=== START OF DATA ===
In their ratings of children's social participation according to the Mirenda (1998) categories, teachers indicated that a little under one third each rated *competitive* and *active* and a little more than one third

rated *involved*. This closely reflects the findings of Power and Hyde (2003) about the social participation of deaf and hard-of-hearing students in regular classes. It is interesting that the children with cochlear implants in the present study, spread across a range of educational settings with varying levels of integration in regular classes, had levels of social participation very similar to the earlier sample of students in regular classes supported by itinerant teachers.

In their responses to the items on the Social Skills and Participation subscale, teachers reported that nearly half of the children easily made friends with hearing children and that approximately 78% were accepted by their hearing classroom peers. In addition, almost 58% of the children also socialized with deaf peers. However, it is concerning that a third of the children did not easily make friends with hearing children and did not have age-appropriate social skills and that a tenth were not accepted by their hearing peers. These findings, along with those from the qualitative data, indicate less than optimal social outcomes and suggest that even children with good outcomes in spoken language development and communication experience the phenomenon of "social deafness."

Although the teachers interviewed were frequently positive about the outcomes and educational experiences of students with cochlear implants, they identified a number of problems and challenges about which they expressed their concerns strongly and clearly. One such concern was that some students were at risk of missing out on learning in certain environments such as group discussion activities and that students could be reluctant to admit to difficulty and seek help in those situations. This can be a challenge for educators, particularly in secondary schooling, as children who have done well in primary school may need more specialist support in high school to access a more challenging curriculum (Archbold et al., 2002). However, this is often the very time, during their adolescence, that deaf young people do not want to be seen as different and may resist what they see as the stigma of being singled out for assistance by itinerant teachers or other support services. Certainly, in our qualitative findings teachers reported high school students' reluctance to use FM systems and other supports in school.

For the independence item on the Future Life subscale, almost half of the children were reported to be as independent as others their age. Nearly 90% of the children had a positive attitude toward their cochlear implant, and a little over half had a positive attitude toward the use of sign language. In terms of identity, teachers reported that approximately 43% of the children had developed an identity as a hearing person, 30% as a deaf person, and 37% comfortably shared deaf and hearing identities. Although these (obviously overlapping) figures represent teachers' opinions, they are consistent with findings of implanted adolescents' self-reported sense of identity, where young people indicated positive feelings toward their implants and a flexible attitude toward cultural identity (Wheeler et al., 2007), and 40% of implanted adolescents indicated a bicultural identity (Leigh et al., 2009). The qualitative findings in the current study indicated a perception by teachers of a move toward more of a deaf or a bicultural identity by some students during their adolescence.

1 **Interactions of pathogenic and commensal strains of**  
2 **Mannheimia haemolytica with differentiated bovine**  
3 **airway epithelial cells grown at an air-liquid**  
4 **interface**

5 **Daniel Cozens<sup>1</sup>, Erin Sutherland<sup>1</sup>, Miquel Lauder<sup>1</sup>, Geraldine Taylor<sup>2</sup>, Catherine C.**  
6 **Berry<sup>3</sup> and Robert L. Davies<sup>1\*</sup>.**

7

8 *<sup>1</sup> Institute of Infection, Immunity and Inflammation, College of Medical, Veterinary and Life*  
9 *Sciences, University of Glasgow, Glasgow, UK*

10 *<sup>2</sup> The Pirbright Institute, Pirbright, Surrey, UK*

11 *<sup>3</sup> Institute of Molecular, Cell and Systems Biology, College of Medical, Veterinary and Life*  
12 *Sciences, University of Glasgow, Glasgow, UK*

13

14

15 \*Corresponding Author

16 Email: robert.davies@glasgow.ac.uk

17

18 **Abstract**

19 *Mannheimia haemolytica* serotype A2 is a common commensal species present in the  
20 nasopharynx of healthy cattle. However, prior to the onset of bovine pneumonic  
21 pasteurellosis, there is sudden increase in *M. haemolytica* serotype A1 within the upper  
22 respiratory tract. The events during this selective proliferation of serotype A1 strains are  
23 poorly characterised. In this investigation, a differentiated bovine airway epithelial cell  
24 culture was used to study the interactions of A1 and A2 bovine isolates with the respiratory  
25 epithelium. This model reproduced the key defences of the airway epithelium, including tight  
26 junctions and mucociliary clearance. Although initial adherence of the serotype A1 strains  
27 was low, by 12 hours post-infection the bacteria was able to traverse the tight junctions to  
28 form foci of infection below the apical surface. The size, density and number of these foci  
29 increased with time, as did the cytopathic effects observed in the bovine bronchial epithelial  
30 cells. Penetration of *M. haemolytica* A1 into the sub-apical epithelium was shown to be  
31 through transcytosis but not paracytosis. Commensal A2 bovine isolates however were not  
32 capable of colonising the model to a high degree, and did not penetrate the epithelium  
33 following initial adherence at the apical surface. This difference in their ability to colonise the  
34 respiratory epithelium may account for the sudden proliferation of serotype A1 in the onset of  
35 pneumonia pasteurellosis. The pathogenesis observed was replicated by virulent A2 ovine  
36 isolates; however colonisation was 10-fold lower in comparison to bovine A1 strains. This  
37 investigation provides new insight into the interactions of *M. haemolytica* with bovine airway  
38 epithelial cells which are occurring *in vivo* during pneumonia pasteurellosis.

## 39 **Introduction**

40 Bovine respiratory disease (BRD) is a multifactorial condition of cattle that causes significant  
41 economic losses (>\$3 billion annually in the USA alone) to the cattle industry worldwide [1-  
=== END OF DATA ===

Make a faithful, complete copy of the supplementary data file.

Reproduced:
In their ratings of children's social participation according to the Mirenda (1998) categories, teachers indicated that a little under one third each rated *competitive* and *active* and a little more than one third

rated *involved*. This closely reflects the findings of Power and Hyde (2003) about the social participation of deaf and hard-of-hearing students in regular classes. It is interesting that the children with cochlear implants in the present study, spread across a range of educational settings with varying levels of integration in regular classes, had levels of social participation very similar to the earlier sample of students in regular classes supported by itinerant teachers.

In their responses to the items on the Social Skills and Participation subscale, teachers reported that nearly half of the children easily made friends with hearing children and that approximately 78% were accepted by their hearing classroom peers. In addition, almost 58% of the children also socialized with deaf peers. However, it is concerning that a third of the children did not easily make friends with hearing children and did not have age-appropriate social skills and that a tenth were not accepted by their hearing peers. These findings, along with those from the qualitative data, indicate less than optimal social outcomes and suggest that even children with good outcomes in spoken language development and communication experience the phenomenon of "social deafness."

Although the teachers interviewed were frequently positive about the outcomes and educational experiences of students with cochlear implants, they identified a number of problems and challenges about which they expressed their concerns strongly and clearly. One such concern was that some students were at risk of missing out on learning in certain environments such as group discussion activities and that students could be reluctant to admit to difficulty and seek help in those situations. This can be a challenge for educators, particularly in secondary schooling, as children who have done well in primary school may need more specialist support in high school to access a more challenging curriculum (Archbold et al., 2002). However, this is often the very time, during their adolescence, that deaf young people do not want to be seen as different and may resist what they see as the stigma of being singled out for assistance by itinerant teachers or other support services. Certainly, in our qualitative findings teachers reported high school students' reluctance to use FM systems and other supports in school.

For the independence item on the Future Life subscale, almost half of the children were reported to be as independent as others their age. Nearly 90% of the children had a positive attitude toward their cochlear implant, and a little over half had a positive attitude toward the use of sign language. In terms of identity, teachers reported that approximately 43% of the children had developed an identity as a hearing person, 30% as a deaf person, and 37% comfortably shared deaf and hearing identities. Although these (obviously overlapping) figures represent teachers' opinions, they are consistent with findings of implanted adolescents' self-reported sense of identity, where young people indicated positive feelings toward their implants and a flexible attitude toward cultural identity (Wheeler et al., 2007), and 40% of implanted adolescents indicated a bicultural identity (Leigh et al., 2009). The qualitative findings in the current study indicated a perception by teachers of a move toward more of a deaf or a bicultural identity by some students during their adolescence.

1 **Interactions of pathogenic and commensal strains of**  
2 **Mannheimia haemolytica with differentiated bovine**  
3 **airway epithelial cells grown at an air-liquid**  
4 **interface**

5 **Daniel Cozens<sup>1</sup>, Erin Sutherland<sup>1</sup>, Miquel Lauder<sup>1</sup>, Geraldine Taylor<sup>2</sup>, Catherine C.**  
6 **Berry<sup>3</sup> and Robert L. Davies<sup>1\*</sup>.**

7

8 *<sup>1</sup> Institute of Infection, Immunity and Inflammation, College of Medical, Veterinary and Life*  
9 *Sciences, University of Glasgow, Glasgow, UK*

10 *<sup>2</sup> The Pirbright Institute, Pirbright, Surrey, UK*

11 *<sup>3</sup> Institute of Molecular, Cell and Systems Biology, College of Medical, Veterinary and Life*  
12 *Sciences, University of Glasgow, Glasgow, UK*

13

14

15 \*Corresponding Author

16 Email: robert.davies@glasgow.ac.uk

17

18 **Abstract**

19 *Mannheimia haemolytica* serotype A2 is a common commensal species present in the  
20 nasopharynx of healthy cattle. However, prior to the onset of bovine pneumonic  
21 pasteurellosis, there is sudden increase in *M. haemolytica* serotype A1 within the upper  
22 respiratory tract. The events during this selective proliferation of serotype A1 strains are  
23 poorly characterised. In this investigation, a differentiated bovine airway epithelial cell  
24 culture was used to study the interactions of A1 and A2 bovine isolates with the respiratory  
25 epithelium. This model reproduced the key defences of the airway epithelium, including tight  
26 junctions and mucociliary clearance. Although initial adherence of the serotype A1 strains  
27 was low, by 12 hours post-infection the bacteria was able to traverse the tight junctions to  
28 form foci of infection below the apical surface. The size, density and number of these foci  
29 increased with time, as did the cytopathic effects observed in the bovine bronchial epithelial  
30 cells. Penetration of *M. haemolytica* A1 into the sub-apical epithelium was shown to be  
31 through transcytosis but not paracytosis. Commensal A2 bovine isolates however were not  
32 capable of colonising the model to a high degree, and did not penetrate the epithelium  
33 following initial adherence at the apical surface. This difference in their ability to colonise the  
34 respiratory epithelium may account for the sudden proliferation of serotype A1 in the onset of  
35 pneumonia pasteurellosis. The pathogenesis observed was replicated by virulent A2 ovine  
36 isolates; however colonisation was 10-fold lower in comparison to bovine A1 strains. This  
37 investigation provides new insight into the interactions of *M. haemolytica* with bovine airway  
38 epithelial cells which are occurring *in vivo* during pneumonia pasteurellosis.

## 39 **Introduction**

40 Bovine respiratory disease (BRD) is a multifactorial condition of cattle that causes significant  
41 economic losses (>\$3 billion annually in the USA alone) to the cattle industry worldwide [1-  